Court of Session judgment

The Court of Session dismissed HAH’s appeal upholding the judgment at first instance.

  • Test of transparency and equal treatment: Following the European Court of Justice’s judgment in SIAC C-19/00 the Court held that the test for clarity was not whether all tenderers would interpret the criteria in the same way but an objective test of whether the formulation allowed “all reasonably well-informed and normally diligent tenderers to interpret the criteria in the same way and as they were applied by the contracting authority”. The Court held that the formula “including but not limited to” was entirely understandable to mean that a bidder should cover the items specified but could add other relevant material. It also considered “unexceptional” the use of a process that awarded extra marks for creative or novel ways of working that the contracting authority found attractive.
  • Use of the “silo” method of evaluation: The ITT indicated that the panel evaluating the tender would consist of panellists with different areas of expertise. It was also sufficiently clear that each section had to be completed fully and separately (including relevant attachments). Tenderers were therefore on notice of the likelihood that different sections would potentially be scored separately and by different scorers.
  • Staffing levels: The Court concluded that the CSA was entitled to consider the issue of staffing level as part of the award evaluation insofar as it was relevant to the bidder’s ability to execute the obligations under the contract.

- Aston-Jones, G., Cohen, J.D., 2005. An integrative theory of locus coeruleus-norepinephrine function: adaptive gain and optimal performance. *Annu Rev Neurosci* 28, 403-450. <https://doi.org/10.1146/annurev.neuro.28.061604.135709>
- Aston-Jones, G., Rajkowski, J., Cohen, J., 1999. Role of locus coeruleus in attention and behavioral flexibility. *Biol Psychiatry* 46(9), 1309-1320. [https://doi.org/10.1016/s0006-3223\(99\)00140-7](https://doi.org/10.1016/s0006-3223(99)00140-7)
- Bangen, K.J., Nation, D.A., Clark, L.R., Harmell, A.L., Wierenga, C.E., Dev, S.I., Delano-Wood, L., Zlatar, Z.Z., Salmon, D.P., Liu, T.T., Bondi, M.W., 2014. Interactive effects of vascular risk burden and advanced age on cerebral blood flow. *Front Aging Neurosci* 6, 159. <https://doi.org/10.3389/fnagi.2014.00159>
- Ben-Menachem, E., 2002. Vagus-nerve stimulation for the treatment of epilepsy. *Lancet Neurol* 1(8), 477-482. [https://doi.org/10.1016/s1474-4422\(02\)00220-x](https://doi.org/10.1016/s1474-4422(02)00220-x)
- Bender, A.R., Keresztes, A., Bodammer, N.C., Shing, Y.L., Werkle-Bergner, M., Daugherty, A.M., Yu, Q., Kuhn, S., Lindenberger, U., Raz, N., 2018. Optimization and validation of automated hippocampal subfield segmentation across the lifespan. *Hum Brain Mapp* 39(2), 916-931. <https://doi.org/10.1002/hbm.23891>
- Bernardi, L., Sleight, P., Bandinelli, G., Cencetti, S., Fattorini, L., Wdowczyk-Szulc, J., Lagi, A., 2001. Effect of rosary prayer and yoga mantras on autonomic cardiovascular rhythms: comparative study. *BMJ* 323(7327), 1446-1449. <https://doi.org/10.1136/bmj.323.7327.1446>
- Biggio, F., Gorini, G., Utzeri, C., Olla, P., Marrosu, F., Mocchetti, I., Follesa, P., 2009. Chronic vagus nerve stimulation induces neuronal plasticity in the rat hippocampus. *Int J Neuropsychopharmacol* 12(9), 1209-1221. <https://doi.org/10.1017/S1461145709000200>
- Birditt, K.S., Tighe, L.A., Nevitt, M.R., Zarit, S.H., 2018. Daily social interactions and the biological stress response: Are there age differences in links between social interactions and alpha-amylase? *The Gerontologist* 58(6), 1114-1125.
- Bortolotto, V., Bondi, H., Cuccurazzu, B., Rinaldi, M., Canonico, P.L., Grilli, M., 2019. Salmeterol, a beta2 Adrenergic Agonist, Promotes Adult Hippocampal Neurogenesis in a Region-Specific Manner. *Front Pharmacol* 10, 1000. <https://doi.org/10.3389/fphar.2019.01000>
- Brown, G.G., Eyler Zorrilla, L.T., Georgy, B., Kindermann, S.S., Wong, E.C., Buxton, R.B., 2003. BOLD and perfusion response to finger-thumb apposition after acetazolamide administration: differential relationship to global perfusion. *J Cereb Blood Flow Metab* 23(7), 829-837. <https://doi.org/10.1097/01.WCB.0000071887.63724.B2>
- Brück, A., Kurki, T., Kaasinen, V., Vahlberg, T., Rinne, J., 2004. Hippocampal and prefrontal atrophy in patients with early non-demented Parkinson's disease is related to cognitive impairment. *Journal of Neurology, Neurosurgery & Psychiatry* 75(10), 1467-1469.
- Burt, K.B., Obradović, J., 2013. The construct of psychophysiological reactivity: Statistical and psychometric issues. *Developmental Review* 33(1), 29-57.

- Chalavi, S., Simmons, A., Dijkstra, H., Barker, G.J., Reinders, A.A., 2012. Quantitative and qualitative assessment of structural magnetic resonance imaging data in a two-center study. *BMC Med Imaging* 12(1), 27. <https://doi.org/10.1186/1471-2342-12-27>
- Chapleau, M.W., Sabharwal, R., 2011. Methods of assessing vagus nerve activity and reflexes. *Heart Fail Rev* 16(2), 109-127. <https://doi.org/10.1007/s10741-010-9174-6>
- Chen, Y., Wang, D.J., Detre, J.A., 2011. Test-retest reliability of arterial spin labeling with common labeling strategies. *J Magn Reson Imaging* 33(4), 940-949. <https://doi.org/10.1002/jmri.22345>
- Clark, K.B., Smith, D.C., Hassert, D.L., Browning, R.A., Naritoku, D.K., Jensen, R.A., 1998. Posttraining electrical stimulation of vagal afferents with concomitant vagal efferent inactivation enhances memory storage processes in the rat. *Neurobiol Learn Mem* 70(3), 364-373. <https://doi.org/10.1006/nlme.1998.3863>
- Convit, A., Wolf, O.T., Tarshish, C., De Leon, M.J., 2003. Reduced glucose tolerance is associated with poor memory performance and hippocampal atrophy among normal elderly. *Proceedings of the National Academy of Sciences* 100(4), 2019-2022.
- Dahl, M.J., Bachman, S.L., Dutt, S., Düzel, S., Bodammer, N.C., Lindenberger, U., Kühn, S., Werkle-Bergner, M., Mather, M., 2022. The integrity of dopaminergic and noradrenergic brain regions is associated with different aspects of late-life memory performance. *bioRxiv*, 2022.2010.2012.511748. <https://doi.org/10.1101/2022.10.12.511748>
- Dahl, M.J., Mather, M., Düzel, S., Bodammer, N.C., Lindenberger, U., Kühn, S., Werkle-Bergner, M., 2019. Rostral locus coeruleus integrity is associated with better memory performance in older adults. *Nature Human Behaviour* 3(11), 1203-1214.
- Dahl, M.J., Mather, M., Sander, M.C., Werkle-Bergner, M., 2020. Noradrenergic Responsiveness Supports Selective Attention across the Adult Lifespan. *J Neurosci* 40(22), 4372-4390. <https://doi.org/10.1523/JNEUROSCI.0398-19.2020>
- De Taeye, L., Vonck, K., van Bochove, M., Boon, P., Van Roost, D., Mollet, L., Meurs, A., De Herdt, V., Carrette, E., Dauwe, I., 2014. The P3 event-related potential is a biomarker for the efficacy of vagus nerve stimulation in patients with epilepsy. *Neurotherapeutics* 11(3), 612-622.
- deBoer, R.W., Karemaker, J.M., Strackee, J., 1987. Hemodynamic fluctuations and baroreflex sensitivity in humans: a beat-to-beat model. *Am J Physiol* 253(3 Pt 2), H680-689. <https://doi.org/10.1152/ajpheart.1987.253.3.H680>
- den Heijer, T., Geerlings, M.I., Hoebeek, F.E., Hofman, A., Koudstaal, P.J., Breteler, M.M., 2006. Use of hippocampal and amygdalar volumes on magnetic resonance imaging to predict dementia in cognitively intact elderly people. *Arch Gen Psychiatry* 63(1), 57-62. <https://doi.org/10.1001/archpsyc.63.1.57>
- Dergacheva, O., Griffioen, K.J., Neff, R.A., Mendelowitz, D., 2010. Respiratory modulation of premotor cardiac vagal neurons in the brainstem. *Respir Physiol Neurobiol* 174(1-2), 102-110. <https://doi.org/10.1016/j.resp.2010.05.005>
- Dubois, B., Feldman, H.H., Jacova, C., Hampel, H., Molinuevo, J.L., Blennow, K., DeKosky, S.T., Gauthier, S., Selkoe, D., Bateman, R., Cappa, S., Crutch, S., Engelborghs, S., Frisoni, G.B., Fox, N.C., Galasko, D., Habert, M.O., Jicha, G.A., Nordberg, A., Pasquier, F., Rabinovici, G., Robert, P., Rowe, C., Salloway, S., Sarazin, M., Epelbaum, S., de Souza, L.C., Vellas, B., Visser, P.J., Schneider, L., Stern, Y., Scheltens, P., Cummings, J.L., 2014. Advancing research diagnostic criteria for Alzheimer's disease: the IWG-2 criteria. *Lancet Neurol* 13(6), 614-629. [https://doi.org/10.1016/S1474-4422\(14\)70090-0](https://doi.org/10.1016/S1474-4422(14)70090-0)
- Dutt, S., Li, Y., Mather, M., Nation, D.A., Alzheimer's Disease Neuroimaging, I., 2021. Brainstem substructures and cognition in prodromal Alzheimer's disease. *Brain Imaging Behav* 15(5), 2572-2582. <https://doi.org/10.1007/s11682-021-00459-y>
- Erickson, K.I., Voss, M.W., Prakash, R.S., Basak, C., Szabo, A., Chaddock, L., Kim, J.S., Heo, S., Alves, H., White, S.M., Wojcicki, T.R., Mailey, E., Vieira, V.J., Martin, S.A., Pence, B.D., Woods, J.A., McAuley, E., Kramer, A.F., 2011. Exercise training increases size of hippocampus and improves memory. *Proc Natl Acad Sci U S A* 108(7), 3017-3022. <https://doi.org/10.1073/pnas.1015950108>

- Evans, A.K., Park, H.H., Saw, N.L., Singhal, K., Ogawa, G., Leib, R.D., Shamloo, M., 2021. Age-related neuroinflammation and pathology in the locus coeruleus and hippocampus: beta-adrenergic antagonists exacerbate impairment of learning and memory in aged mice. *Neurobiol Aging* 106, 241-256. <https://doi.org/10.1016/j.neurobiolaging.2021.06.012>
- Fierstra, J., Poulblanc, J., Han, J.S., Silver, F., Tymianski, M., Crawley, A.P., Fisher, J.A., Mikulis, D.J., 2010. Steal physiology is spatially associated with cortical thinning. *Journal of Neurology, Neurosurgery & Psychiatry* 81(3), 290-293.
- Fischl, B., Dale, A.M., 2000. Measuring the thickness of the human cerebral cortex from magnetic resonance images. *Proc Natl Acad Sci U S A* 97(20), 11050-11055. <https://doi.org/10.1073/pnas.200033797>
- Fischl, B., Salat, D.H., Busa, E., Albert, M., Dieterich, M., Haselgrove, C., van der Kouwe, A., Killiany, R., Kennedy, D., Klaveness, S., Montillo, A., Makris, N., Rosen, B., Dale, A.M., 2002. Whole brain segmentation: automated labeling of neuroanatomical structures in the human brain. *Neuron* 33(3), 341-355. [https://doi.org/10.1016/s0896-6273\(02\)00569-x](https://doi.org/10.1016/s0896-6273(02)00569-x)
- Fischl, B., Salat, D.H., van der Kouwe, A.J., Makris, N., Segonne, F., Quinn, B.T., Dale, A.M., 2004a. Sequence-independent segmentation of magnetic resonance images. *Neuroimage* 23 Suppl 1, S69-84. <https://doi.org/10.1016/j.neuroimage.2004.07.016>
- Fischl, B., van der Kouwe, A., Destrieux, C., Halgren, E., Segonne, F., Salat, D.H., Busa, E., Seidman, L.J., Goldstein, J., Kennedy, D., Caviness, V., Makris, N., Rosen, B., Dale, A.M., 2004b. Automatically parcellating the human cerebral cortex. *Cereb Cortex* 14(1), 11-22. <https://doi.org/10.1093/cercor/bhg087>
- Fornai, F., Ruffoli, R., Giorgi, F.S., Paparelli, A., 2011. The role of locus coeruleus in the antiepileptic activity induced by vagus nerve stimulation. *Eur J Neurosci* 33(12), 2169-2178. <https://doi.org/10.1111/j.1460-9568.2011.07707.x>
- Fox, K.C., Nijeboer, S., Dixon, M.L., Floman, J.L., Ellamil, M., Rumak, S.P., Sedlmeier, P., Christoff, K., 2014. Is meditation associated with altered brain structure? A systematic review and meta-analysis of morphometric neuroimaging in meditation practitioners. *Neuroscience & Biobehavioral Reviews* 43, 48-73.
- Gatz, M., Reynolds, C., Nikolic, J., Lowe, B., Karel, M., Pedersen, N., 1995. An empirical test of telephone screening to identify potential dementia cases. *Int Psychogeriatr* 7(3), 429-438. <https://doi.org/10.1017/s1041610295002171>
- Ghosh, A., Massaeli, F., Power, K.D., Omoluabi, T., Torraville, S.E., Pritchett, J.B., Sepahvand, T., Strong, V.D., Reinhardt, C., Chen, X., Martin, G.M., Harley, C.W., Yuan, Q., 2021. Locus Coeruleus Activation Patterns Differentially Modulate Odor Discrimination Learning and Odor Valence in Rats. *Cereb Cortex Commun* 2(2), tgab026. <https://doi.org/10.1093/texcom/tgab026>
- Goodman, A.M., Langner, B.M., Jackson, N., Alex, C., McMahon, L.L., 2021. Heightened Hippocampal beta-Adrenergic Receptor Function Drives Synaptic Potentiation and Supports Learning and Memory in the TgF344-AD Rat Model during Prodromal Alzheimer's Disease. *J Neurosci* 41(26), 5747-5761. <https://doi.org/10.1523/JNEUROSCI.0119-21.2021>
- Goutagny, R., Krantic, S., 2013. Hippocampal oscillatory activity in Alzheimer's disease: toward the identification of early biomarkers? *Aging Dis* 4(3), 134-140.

• Manifest error concerning the “vial services”: The Court found that on the evidence the evaluation panel had been consistent in the scoring of this element of HAH’s offer in relation to “vial service” delivery and the misunderstanding by one of the three scorers of one aspect had not materially affected the overall scores for this element of the bid.
  • Clarity of reasoning: The CSA was obliged to provide HAH with a summary of the reasons it had been unsuccessful and the characteristics and relative advantages of BUPA’s bid. The Court considered that both in terms of numerical scoring and commentary, this obligation had been fulfilled and had demonstrated that BUPA had scored marginally higher overall.

Takeaway points

The case highlights or confirms a number of practical points for drafting ITTs:

  1. Award criteria should be drafted in a manner which is unambiguous and can be readily understood by potential bidders.
  2. It is permissible for a contracting authority to award extra points for “added value” responses for a specific criterion, provided that the ITT specifies what the core requirements are, identifies that the authority is open to additional creative or added value solutions and makes clear how this will be scored.
  3. The use of “silo” evaluation is permissible where it is clear from the ITT that the contracting authority will use different experts to score the different criteria and that the ITT is drafted to ensure that responses to each criterion are clearly severable and easily distinguished for evaluation purposes.

Rachel Bickler is managing associate at Nabarro. She can be contacted byThis email address is being protected from spambots. You need JavaScript enabled to view it..